9. Triangle Drifter says:

    Excellent but the big question is, what is the cost vs traditional slate. Also believe that every home owner should have some slate on hand for storm damage.

  10. Price says:

    What is the price of the slate 2.0? There is nothing on their website also.

    • Stunty says:

      There won’t be a price yet. From the article, they are looking for a manufacturer.

  11. David Johnson says:

    Inspired thinking. Well done gents.

  12. Hannah Collins says:

    Slate 2.0 – “Made from 75% locally available recycled materials” – WOW. this is an amazing innovation. Congratulations!

  13. Gordon Ness says:

    Well done guys..! Solving a problem that has plagued the island for years..!
    Best of luck with this initiative.

  14. Pangaea says:

    The Bermuda Coral Slate Roof.

    We are all taught when we were younger about the big bad wolf ( Mr. “H” ) and the house made of straw.

    I am please to learn that there is an alternative to the Standard Bermuda Slate we have all been used to .

    As a temporary substitute a piece 1/2 ply wood cut to size is better than a blue drop cloth.

    If we go back in history I draw you attention to the traditional high Bermuda slate roof, there have been some more recent changes ,those change relate to the pitch or angle of the roof which today has be substantially reduced, possibly, with a view to saving money.

    ” A fools paradise for sure”.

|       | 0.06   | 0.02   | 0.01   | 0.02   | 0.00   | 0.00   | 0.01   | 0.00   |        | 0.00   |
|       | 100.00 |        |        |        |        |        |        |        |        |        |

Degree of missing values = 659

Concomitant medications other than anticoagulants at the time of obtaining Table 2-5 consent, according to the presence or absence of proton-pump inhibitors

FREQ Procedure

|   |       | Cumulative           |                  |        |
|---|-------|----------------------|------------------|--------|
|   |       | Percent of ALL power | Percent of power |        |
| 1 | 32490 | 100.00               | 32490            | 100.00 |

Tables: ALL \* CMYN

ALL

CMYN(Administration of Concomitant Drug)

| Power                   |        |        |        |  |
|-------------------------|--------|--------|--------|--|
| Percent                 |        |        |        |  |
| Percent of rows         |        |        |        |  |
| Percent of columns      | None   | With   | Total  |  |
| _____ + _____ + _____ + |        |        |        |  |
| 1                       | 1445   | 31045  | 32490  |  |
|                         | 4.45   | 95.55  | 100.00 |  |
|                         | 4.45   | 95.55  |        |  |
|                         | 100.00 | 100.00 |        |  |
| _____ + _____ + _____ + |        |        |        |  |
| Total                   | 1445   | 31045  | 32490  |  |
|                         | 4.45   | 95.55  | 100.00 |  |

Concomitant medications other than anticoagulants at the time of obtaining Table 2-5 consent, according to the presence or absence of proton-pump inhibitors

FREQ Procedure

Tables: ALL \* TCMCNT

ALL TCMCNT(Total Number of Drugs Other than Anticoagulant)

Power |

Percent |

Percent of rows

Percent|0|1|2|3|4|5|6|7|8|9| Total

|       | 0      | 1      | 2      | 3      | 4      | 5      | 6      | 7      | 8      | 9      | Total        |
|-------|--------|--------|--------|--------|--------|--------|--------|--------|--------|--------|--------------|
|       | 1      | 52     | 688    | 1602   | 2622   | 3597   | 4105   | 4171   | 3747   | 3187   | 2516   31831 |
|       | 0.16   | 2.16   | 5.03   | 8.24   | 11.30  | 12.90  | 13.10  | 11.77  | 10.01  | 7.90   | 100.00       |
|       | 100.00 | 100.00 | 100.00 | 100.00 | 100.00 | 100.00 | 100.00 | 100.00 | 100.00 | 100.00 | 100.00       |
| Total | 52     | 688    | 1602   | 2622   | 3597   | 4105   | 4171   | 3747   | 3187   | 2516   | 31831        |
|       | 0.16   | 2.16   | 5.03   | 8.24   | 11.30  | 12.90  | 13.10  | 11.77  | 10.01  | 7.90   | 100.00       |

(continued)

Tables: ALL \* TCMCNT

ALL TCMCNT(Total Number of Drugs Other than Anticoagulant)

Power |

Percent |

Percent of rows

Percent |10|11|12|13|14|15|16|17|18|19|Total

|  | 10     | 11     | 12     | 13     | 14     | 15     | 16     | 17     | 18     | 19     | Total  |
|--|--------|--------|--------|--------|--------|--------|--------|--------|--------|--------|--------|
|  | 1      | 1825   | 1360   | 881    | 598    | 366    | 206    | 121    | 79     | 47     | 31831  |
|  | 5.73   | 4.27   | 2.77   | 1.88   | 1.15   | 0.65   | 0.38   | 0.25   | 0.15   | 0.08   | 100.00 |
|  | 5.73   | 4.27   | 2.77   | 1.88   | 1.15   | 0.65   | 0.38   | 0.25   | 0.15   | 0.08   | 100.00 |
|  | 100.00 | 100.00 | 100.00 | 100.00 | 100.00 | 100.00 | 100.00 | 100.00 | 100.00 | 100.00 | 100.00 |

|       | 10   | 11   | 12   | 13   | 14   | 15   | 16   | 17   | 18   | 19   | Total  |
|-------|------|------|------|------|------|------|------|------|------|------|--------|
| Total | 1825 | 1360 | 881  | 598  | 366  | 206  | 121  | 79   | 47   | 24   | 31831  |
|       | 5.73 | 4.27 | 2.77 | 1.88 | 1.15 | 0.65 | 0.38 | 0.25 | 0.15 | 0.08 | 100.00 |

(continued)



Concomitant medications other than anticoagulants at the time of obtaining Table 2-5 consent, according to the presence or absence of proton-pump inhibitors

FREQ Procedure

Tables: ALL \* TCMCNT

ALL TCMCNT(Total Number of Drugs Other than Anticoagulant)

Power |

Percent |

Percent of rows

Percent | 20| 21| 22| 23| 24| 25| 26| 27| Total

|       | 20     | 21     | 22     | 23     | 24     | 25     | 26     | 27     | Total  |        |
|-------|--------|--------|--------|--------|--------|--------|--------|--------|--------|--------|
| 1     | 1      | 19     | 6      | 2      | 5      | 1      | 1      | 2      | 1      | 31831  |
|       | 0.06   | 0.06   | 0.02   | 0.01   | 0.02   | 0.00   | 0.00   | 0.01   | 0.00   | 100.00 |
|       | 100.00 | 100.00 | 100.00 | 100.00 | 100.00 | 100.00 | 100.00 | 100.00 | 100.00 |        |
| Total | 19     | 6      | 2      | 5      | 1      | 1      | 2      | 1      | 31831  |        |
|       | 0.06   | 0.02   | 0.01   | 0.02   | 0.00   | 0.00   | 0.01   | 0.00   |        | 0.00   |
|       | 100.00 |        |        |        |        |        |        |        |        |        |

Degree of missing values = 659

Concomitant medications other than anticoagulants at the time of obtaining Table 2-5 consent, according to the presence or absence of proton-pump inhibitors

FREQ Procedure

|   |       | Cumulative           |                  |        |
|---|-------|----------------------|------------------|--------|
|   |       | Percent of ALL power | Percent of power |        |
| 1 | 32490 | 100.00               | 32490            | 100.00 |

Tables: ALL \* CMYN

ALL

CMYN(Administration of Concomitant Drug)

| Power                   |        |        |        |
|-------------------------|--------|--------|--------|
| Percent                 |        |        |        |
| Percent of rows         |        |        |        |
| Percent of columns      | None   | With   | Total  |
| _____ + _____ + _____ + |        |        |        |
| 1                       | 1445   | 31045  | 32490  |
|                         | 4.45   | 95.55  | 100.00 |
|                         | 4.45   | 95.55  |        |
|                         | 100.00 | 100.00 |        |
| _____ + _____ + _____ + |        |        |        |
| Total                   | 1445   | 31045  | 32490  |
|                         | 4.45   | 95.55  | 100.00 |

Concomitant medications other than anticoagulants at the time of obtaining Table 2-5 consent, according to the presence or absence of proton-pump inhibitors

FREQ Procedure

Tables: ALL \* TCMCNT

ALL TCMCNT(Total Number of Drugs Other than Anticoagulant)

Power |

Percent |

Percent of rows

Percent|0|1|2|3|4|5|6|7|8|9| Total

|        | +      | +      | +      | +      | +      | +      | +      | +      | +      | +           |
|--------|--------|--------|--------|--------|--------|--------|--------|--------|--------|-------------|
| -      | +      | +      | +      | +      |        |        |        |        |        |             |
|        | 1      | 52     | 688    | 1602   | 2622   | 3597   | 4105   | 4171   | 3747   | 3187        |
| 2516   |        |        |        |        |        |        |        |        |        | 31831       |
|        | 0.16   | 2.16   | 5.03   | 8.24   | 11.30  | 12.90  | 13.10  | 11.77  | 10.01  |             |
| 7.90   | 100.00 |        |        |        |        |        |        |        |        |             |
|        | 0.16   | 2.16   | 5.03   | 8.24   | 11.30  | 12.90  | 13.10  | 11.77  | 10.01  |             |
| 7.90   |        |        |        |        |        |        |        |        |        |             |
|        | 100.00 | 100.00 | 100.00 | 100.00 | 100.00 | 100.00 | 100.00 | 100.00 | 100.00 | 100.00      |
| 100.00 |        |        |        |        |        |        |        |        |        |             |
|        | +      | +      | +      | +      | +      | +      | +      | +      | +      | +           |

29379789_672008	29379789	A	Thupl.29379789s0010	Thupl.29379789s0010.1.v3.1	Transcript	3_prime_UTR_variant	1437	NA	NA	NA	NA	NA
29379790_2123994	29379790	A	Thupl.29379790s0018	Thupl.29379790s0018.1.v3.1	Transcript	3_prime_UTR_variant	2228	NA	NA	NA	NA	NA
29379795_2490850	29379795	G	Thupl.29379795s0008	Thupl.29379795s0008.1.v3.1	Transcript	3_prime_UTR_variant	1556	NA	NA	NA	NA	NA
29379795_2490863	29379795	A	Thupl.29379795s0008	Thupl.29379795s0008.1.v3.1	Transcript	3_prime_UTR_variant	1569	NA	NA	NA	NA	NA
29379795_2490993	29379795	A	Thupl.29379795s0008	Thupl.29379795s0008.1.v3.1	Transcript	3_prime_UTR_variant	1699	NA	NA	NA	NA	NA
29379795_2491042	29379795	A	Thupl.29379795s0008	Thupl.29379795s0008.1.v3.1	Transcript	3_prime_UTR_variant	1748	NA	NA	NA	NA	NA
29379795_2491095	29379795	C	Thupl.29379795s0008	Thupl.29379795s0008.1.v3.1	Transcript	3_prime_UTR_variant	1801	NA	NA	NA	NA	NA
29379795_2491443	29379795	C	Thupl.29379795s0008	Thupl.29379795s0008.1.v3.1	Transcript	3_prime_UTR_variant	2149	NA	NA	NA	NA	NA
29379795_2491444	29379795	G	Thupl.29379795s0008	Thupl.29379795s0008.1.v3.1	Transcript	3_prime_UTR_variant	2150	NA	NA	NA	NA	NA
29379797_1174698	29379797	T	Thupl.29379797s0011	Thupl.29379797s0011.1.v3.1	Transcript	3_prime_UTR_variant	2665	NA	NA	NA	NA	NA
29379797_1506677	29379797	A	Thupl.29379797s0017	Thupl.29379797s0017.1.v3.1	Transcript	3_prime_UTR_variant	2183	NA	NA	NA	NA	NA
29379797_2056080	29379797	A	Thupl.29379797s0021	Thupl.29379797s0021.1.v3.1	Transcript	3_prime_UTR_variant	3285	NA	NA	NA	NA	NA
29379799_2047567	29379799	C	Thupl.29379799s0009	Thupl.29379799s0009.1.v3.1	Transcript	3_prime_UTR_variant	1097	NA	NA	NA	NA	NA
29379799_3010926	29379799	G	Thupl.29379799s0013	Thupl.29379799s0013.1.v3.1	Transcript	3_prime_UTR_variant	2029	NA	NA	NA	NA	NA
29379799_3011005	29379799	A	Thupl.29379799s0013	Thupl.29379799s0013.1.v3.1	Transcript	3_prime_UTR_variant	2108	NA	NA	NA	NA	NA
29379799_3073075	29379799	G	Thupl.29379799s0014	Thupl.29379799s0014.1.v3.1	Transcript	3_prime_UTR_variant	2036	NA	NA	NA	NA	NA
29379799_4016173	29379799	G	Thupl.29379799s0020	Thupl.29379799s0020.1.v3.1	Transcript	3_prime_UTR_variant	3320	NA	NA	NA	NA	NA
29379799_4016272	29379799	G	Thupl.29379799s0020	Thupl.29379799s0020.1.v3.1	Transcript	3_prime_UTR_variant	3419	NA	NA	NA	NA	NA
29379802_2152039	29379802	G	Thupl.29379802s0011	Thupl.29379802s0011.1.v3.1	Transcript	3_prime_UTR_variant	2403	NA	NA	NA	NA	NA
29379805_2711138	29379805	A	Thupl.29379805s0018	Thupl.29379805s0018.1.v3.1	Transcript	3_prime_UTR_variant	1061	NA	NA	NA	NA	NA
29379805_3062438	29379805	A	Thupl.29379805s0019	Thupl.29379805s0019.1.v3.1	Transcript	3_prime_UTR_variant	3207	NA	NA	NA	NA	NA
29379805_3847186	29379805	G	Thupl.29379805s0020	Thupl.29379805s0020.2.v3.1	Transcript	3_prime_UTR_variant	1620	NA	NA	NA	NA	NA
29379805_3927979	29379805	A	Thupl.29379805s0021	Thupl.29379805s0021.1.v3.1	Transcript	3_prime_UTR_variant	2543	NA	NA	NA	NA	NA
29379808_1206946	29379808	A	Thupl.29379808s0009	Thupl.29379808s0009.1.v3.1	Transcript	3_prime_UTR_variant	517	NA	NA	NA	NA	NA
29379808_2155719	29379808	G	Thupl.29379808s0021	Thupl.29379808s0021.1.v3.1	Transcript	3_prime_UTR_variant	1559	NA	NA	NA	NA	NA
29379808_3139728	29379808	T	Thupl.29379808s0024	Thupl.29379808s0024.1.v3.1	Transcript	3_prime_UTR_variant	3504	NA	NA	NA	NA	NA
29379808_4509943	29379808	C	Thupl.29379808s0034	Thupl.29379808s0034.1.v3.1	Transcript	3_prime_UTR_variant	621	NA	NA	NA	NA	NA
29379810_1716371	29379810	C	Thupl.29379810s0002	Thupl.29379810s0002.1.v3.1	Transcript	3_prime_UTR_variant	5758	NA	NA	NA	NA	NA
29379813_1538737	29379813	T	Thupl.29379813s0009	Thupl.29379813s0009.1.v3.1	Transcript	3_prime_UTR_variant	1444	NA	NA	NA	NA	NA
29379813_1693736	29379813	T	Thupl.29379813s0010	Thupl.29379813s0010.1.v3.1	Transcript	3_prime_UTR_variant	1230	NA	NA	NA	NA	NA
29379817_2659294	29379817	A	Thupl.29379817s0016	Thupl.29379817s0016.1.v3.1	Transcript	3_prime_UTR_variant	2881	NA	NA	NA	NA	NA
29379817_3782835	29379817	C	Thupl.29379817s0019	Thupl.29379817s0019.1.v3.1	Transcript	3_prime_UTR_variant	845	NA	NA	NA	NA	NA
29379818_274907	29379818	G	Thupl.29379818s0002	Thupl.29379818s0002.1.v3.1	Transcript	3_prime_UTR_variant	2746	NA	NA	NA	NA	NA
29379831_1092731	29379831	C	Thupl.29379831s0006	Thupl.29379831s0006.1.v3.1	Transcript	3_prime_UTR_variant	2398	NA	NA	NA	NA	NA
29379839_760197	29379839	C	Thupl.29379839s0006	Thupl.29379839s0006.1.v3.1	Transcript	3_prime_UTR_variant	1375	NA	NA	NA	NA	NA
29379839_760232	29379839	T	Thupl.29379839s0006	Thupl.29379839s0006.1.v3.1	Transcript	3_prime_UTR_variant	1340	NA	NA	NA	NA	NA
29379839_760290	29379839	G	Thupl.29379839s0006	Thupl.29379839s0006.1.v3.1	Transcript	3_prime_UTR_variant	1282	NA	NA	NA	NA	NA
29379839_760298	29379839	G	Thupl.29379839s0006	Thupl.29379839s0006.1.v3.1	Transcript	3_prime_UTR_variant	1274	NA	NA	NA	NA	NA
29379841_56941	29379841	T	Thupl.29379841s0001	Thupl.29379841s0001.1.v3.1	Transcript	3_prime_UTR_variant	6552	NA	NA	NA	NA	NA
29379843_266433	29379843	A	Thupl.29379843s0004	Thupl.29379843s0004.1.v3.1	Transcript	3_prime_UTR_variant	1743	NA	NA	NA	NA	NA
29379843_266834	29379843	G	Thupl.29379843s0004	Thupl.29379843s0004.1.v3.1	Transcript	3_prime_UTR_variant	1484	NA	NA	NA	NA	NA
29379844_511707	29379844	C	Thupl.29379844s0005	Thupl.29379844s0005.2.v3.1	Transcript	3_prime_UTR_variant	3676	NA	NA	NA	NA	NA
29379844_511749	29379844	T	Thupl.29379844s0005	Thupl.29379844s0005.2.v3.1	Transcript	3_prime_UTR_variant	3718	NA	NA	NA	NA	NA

It is a known fact that the higher the pitch of the roof the stronger and more substantial the roof will be, but that is only part of the equation. Our for fathers knew what they were doing.

    As I see it with the lower pitched roof there is imbalanced ratio with the high pitched roof with respect to wind pressure.

    Low pitched roof say the common 7/ 12 pitch :- High wind will blow across the the roof causing a sucking or lifting effect and if the wind is strong enough will lift off the slate leaving the lumber in tact .

    e.g.: Blow across a drinking straw causing a powerful vacuum ,you can get the liquid to rise, or similar to paint spray can suction principal.

    The lower pitch roof down side is roof lumber sag ,which caused slate cracking ,you got a trampoline effect.

    High pitched roof say traditional built house 9/12 pitch or better :- High wind does two things to the higher roof.

    [1] High Wind blows across / over the roof causing a sucking effect as before .

    [2] With the added advantage of weight and pushing back down/ keeping the slate in place the roof is deemed to be in balance. very seldom do you see a high pitched church roof loose it slate.

    [3] I would also bring into question cement skimping as the cost cutting in which the slate is attached on low pitched roofs. with out the benefit of a key.

    [4]. Exceptions:-There are exceptions to hurricane wind pressure ; they are “micro bursts updrafts” and “tornado up drafts”. and thunder clap, from which the is no escape even with paladin enclosed eves.